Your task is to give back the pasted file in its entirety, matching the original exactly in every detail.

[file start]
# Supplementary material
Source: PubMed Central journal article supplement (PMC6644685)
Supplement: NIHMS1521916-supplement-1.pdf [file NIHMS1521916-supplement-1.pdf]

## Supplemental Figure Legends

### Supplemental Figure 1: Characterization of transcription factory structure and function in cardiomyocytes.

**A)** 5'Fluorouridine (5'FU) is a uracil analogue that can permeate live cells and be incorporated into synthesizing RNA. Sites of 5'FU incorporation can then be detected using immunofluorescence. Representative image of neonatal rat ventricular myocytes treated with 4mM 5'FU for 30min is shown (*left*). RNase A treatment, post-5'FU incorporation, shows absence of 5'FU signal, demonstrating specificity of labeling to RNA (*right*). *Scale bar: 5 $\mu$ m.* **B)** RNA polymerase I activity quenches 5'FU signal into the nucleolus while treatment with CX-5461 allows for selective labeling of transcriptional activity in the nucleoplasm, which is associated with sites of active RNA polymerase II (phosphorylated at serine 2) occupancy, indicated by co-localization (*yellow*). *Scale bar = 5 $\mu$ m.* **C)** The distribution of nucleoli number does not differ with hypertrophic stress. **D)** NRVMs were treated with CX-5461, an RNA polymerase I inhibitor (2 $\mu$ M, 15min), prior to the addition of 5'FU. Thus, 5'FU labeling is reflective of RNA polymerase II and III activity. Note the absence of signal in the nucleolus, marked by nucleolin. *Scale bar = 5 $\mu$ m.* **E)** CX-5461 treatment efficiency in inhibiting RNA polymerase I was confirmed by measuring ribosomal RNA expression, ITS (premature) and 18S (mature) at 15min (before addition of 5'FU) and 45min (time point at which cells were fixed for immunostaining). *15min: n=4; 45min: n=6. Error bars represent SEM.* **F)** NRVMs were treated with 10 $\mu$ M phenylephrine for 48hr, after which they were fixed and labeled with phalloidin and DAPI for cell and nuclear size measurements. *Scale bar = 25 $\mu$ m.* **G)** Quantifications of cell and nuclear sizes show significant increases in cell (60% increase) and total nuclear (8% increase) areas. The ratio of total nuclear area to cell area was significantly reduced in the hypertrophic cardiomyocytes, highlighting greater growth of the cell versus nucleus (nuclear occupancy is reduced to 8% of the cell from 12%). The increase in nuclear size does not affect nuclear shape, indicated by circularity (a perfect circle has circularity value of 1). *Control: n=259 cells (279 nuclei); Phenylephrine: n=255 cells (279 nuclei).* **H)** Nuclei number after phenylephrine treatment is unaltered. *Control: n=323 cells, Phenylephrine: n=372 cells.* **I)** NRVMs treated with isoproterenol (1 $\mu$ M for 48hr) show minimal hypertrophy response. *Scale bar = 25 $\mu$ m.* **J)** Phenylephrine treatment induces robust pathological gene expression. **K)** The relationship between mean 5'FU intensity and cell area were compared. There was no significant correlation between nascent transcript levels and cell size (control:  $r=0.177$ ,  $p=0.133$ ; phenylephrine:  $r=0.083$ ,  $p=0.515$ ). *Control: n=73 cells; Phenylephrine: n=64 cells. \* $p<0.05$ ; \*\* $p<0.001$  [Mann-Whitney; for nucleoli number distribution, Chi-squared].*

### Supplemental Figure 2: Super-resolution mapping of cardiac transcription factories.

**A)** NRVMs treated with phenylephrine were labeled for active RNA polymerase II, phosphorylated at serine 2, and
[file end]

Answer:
# Supplementary material
Source: PubMed Central journal article supplement (PMC6644685)
Supplement: NIHMS1521916-supplement-1.pdf [file NIHMS1521916-supplement-1.pdf]

## Supplemental Figure Legends

### Supplemental Figure 1: Characterization of transcription factory structure and function in cardiomyocytes.

**A)** 5'Fluorouridine (5'FU) is a uracil analogue that can permeate live cells and be incorporated into synthesizing RNA. Sites of 5'FU incorporation can then be detected using immunofluorescence. Representative image of neonatal rat ventricular myocytes treated with 4mM 5'FU for 30min is shown (*left*). RNase A treatment, post-5'FU incorporation, shows absence of 5'FU signal, demonstrating specificity of labeling to RNA (*right*). *Scale bar: 5 $\mu$ m.* **B)** RNA polymerase I activity quenches 5'FU signal into the nucleolus while treatment with CX-5461 allows for selective labeling of transcriptional activity in the nucleoplasm, which is associated with sites of active RNA polymerase II (phosphorylated at serine 2) occupancy, indicated by co-localization (*yellow*). *Scale bar = 5 $\mu$ m.* **C)** The distribution of nucleoli number does not differ with hypertrophic stress. **D)** NRVMs were treated with CX-5461, an RNA polymerase I inhibitor (2 $\mu$ M, 15min), prior to the addition of 5'FU. Thus, 5'FU labeling is reflective of RNA polymerase II and III activity. Note the absence of signal in the nucleolus, marked by nucleolin. *Scale bar = 5 $\mu$ m.* **E)** CX-5461 treatment efficiency in inhibiting RNA polymerase I was confirmed by measuring ribosomal RNA expression, ITS (premature) and 18S (mature) at 15min (before addition of 5'FU) and 45min (time point at which cells were fixed for immunostaining). *15min: n=4; 45min: n=6. Error bars represent SEM.* **F)** NRVMs were treated with 10 $\mu$ M phenylephrine for 48hr, after which they were fixed and labeled with phalloidin and DAPI for cell and nuclear size measurements. *Scale bar = 25 $\mu$ m.* **G)** Quantifications of cell and nuclear sizes show significant increases in cell (60% increase) and total nuclear (8% increase) areas. The ratio of total nuclear area to cell area was significantly reduced in the hypertrophic cardiomyocytes, highlighting greater growth of the cell versus nucleus (nuclear occupancy is reduced to 8% of the cell from 12%). The increase in nuclear size does not affect nuclear shape, indicated by circularity (a perfect circle has circularity value of 1). *Control: n=259 cells (279 nuclei); Phenylephrine: n=255 cells (279 nuclei).* **H)** Nuclei number after phenylephrine treatment is unaltered. *Control: n=323 cells, Phenylephrine: n=372 cells.* **I)** NRVMs treated with isoproterenol (1 $\mu$ M for 48hr) show minimal hypertrophy response. *Scale bar = 25 $\mu$ m.* **J)** Phenylephrine treatment induces robust pathological gene expression. **K)** The relationship between mean 5'FU intensity and cell area were compared. There was no significant correlation between nascent transcript levels and cell size (control:  $r=0.177$ ,  $p=0.133$ ; phenylephrine:  $r=0.083$ ,  $p=0.515$ ). *Control: n=73 cells; Phenylephrine: n=64 cells. \* $p<0.05$ ; \*\* $p<0.001$  [Mann-Whitney; for nucleoli number distribution, Chi-squared].*

### Supplemental Figure 2: Super-resolution mapping of cardiac transcription factories.

**A)** NRVMs treated with phenylephrine were labeled for active RNA polymerase II, phosphorylated at serine 2, and